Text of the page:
SA is doing better than Germany was at this stage of planning for the 2010 Soccer World Cup, according to Wally Rhoode, operational commander for the safety and security directorate of the local organising committee.

This was confirmed by Fifa general secretary Jérôme Valcke, who recently said that no country was ready 18 months before the World Cup.

“When we had the Confederations Cup in Germany was when we discovered that lots of things were not working,” he said.

“(Fifa president) Sepp Blatter can talk of a Plan B but there is no need for a Plan B because we have already planned for the World Cup,” Rhoode said at a briefing on security readiness for the World Cup held in Pretoria. “SA is ahead of where Germany was in terms of our planning at this point.”

With the building of stadiums on track, world attention has turned to security concerns and how SA, struggling with crime, will cope with the protection of 483000 visitors.

According to Rhoode and Ben Groenewald, an assistant police commissioner, plans for security in 2010 were up and running and would be tested at next year’s Confederations Cup. Both men were confident that SA, which handled a successful Cricket World Cup without incident, would be able to protect visitors both inside and outside the stadiums.

The W orld C up security blueprint, which considers counterterrorism, organised crime, public order and event security, among other things, was approved last month by Fifa.

Interpol, at its annual meeting in Johannesburg recently, gave an undertaking from its 186 member countries to help SA in co-ordinating major events. “All participating countries are sending delegates from their own police forces to assist,” said Groenewald.

Football hooligans will not be allowed to leave their countries.

“European football unions have agreed to assist in identifying offenders and they will be prevented from leaving their country of origin,” said Groenewald.

Courts that run 24 hours a day, seven days a week, will be set up during the tournament so that offenders can be prosecuted speedily and deported if necessary.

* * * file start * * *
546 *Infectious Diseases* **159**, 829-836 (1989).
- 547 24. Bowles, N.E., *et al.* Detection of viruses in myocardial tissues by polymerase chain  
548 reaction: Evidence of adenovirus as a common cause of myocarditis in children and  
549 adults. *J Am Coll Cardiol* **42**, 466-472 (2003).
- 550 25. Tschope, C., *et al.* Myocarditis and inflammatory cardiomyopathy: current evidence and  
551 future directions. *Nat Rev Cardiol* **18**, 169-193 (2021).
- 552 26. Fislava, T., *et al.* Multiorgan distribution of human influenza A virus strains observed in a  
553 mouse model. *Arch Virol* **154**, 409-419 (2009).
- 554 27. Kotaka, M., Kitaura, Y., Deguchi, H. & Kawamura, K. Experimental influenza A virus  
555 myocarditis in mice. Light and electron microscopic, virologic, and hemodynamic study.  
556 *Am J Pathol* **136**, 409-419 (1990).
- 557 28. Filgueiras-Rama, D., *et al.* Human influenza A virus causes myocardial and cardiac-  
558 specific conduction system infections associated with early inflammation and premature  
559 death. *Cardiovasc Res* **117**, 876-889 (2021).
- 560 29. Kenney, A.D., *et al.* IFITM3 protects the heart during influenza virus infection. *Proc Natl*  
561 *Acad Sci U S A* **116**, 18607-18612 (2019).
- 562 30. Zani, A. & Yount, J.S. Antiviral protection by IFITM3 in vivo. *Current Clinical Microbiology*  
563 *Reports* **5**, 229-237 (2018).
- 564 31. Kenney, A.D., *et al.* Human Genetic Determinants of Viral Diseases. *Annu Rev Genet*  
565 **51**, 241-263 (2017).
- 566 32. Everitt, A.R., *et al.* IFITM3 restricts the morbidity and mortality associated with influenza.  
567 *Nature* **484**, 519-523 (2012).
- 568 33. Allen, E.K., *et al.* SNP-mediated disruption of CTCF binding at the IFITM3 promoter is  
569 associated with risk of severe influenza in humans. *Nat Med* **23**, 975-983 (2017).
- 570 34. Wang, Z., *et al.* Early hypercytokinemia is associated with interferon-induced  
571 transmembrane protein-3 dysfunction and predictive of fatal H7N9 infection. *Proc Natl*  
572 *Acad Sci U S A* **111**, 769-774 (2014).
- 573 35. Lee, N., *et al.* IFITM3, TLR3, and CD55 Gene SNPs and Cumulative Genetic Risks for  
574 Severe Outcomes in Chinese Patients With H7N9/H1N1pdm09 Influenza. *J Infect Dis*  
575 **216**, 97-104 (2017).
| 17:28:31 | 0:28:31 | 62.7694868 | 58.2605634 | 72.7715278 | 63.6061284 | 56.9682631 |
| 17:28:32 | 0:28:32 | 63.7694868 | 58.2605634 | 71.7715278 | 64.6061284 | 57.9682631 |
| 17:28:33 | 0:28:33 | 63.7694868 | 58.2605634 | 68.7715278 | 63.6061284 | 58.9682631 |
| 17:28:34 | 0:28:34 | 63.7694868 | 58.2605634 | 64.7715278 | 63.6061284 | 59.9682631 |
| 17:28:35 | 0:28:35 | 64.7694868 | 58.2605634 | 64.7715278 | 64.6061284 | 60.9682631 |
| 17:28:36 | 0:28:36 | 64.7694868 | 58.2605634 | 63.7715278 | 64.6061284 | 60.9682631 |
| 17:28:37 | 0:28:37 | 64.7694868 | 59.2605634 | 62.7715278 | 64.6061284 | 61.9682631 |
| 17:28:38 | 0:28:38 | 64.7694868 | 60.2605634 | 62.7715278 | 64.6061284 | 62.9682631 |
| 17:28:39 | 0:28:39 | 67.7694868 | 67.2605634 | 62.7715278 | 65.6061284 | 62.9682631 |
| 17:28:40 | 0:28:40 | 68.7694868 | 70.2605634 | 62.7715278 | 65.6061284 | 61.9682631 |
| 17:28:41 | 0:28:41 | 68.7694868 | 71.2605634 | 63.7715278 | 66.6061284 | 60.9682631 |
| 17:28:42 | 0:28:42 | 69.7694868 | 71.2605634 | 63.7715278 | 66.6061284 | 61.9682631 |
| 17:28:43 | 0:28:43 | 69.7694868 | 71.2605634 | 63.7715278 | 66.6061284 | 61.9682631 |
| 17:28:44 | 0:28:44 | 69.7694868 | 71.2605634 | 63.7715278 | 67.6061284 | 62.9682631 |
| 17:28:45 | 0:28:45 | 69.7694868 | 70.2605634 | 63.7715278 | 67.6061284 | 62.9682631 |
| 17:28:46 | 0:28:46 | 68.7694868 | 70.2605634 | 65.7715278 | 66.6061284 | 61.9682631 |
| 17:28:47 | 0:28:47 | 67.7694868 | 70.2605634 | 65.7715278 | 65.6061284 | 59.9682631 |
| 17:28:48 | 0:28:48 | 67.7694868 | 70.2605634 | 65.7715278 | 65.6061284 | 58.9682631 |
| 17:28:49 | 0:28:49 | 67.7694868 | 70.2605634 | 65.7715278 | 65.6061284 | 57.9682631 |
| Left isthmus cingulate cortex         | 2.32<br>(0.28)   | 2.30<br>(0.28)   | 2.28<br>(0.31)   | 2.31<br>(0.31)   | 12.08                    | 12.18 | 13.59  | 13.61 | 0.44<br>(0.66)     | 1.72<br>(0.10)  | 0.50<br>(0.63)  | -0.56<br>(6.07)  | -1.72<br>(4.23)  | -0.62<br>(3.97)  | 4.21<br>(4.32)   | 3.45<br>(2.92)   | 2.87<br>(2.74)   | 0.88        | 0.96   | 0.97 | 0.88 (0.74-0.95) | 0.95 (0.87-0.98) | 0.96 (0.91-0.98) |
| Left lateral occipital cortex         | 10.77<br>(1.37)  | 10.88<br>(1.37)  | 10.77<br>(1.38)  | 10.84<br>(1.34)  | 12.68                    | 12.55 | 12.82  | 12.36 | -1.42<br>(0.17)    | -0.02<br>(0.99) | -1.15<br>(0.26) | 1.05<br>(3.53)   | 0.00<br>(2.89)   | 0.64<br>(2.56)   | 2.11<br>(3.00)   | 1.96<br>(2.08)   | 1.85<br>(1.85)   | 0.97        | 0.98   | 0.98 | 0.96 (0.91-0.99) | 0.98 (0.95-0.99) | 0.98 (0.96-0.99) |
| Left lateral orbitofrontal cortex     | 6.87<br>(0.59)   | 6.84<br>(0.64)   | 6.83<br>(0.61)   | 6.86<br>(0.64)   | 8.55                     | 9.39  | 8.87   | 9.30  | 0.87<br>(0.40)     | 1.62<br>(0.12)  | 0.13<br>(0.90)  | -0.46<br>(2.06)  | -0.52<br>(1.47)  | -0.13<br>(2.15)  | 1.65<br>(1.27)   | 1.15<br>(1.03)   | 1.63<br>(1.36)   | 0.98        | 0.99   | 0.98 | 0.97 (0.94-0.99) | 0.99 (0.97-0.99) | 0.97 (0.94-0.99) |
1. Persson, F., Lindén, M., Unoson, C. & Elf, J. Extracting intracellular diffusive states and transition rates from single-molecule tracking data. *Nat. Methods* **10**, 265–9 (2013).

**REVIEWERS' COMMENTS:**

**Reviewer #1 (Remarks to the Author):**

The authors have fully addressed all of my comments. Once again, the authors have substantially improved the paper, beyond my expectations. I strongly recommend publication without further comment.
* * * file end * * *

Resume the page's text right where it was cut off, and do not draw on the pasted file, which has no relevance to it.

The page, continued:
The only big problem facing the committee so far has been a lack of legislation governing pitch invasions, liquor policing and fan parks, and how to ensure the correct standard of training for staff from private security companies, said Rhoode. “As it stands, people in fan parks will not be able to drink because of legislation governing public drinking,” he said.

Groenewald said this would be addressed in time for the World Cup by the Special Measures Act, which gives ministers the authority to regulate certain matters such as liquor standards without having to wait for the law to be amended.

“The local organising committee together with a private law firm are looking at the legislation required,” he said.

In the build-up to the World Cup the police would spend R64m on the deployment of 32000 permanent officers, 10000 police reservists and 10000 people from other disciplines, Groenewald said.

“About three weeks ago officers completed a public order course with the French and we have bought a lot of new equipment which will be needed,” he said.

Other equipment bought includes new helicopters, water cannons, mobile command vehicles and hi-tech bomb disposal equipment.

The police have already bought some of the hi-tech equipment needed to ensure that safety of fans and visitors in 2010 is assured.

AUTHOR: Chantelle Benjamin
DATED: 26th November 2008